Another object which the Society has in view, is to maintain a small body of unattached masters, who may be appointed from time to time to organize or remodel schools, and spread throughout the country a practical acquaintance with the most approved methods of tuition. An efficient master, especially when assisted by one or two competent monitors, might, in the course of three or four months, bring the most undisciplined school into good order. In many such cases, also, it might be found desirable by the managers of a school to send their permanent master for instruction to the Society, where he might undergo a salutary process of re-training. A rustic teacher, who has never seen what good education is, would thus have his eyes opened to his own deficiencies, and return to his obscure locality not only better capable of teaching, but more desirous and more susceptible of self-improvement.

The appeal goes on to recommend uniformity in the books and school materials, where the teacher might subsequently teach the very books which he himself had previously learnt and taught at the central model school. There is still a very great necessity for increased exertion in the efforts for extending education by the erection of school buildings. The exertions made by the clergy, with very limited means, have been much greater than the world has ever suspected, and whose exertions in behalf of education will put to shame the negligence and parsimony of the wealthy laity.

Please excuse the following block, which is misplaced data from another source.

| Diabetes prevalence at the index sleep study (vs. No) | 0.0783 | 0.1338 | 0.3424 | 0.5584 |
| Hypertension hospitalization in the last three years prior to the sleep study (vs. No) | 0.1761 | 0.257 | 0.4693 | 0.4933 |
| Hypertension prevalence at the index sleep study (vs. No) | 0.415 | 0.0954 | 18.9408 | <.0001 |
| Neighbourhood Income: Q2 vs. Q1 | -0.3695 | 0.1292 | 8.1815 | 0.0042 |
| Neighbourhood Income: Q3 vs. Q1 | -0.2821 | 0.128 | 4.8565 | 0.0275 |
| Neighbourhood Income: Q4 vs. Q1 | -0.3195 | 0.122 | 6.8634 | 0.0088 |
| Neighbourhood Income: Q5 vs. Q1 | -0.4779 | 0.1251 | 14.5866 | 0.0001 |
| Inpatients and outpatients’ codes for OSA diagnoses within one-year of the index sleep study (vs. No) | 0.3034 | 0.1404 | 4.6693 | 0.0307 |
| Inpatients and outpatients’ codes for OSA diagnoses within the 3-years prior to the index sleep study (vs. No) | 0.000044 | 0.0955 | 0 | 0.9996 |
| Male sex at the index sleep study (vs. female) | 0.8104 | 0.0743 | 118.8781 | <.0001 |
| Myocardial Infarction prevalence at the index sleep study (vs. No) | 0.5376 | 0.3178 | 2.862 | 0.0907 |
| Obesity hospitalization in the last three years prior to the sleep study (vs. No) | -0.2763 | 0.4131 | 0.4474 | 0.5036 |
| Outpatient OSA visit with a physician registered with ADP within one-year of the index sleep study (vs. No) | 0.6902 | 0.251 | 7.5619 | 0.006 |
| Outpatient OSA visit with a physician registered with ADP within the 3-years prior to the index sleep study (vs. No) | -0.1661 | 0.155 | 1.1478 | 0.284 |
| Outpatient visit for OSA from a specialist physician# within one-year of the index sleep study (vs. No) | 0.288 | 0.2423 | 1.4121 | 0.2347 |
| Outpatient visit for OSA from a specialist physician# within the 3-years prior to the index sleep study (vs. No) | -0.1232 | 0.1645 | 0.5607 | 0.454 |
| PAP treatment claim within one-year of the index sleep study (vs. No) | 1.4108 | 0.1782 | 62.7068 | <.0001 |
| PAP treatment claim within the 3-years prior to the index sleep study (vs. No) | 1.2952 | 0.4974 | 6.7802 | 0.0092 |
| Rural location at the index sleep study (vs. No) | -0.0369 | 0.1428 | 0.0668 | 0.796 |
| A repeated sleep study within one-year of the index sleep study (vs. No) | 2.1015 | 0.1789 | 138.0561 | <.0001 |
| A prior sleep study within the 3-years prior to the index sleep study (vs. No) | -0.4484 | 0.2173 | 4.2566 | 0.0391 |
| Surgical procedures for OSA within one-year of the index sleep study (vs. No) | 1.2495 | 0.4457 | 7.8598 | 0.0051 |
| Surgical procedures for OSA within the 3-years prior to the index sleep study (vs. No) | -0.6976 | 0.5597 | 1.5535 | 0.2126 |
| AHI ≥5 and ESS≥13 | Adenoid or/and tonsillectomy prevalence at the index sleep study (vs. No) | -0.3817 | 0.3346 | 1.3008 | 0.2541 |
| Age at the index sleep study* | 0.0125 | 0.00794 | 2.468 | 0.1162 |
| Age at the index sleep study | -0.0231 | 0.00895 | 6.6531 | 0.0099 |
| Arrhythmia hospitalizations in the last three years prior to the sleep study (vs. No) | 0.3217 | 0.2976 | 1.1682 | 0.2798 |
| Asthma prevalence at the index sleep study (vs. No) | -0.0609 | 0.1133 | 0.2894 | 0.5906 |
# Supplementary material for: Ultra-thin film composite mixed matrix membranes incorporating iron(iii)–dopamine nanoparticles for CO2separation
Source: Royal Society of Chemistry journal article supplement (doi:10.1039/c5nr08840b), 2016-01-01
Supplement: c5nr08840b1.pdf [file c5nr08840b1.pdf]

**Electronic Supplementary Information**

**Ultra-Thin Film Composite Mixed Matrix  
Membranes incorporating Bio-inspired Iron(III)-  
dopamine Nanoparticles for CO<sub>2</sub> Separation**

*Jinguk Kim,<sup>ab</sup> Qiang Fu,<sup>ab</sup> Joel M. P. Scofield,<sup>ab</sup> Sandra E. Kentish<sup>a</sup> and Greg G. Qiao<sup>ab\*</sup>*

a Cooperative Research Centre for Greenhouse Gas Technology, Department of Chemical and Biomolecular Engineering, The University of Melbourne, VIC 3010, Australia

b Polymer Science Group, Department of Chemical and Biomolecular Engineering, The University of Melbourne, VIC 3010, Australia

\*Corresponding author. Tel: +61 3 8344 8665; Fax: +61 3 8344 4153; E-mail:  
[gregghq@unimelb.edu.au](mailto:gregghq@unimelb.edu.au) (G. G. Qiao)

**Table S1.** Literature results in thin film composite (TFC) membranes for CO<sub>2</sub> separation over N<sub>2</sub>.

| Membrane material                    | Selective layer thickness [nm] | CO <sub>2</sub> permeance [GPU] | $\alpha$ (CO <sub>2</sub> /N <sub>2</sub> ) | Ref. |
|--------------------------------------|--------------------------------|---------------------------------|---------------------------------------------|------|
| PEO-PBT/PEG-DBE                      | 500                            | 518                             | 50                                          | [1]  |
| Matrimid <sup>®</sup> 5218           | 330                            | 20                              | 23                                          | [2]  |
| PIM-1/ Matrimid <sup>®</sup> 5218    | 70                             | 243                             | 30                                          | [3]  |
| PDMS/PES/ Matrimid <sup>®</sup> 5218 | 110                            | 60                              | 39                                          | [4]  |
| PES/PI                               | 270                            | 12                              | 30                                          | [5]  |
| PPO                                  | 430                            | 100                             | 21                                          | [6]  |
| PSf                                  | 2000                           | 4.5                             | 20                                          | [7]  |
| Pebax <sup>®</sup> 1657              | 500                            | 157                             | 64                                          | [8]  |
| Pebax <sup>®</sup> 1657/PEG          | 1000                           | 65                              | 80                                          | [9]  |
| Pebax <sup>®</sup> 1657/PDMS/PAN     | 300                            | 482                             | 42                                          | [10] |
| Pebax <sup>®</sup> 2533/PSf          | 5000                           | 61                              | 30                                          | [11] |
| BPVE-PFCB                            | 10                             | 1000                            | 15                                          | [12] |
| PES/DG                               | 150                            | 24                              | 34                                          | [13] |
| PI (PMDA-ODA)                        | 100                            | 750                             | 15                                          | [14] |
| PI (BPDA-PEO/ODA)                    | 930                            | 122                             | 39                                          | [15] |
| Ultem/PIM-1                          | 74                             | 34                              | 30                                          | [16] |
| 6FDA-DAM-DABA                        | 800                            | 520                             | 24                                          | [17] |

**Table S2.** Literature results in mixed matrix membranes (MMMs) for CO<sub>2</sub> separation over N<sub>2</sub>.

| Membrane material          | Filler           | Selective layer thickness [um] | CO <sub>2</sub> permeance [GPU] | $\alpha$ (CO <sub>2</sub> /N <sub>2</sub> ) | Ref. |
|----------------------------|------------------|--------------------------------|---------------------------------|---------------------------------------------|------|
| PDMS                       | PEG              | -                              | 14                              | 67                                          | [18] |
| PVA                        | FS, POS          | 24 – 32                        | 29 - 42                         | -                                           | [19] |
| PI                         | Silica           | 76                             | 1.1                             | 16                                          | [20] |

There are not a few well-meaning persons, professedly sound members of the establishment-persons in easy circumstances, or, even possessed of great wealth—who imagine that since public grants have now for some years been made for extending education, no farther efforts can be required on the part of private individuals; that schools in sufficient numbers must, no doubt, have been built in most places; and that the deficiencies must be few and unimportant. A very natural desire to be relieved from a pecuniary burden, however small, disposes such persons to acquiesce without much inquiry in these comfortable assumptions. If, however, I could prevail upon them to investigate the truth, to see with their own eyes, and to judge from their own observation; if I could but bring them into this office, and there induce them to read only a small portion of above a thousand letters received on the subject during the last few months, and which are still pouring in daily-applications from eye-witnesses of the most unquestionable authority, men of learning, judgment, and right principle, with 'minds neither jaundiced by prejudice, nor blinded by enthusiasm, I think that some impression would be made, even upon the coldest reader, by the undoubted evidences of deplorable destitution which I should set before him. I would show him a parish containing " 20,000 souls," where there is "no free school in the whole place," and where "hundreds are totally uneducated ;"—a parish with a population of "16,000 or 17,000 hand-loom weavers," with only "a provision of £20 a-year applied to the education of thirty boys and girls;"-another with a population of 15,500, and others with 12,000, 8,000, 7,000, 2,300, 2,000, 1,600,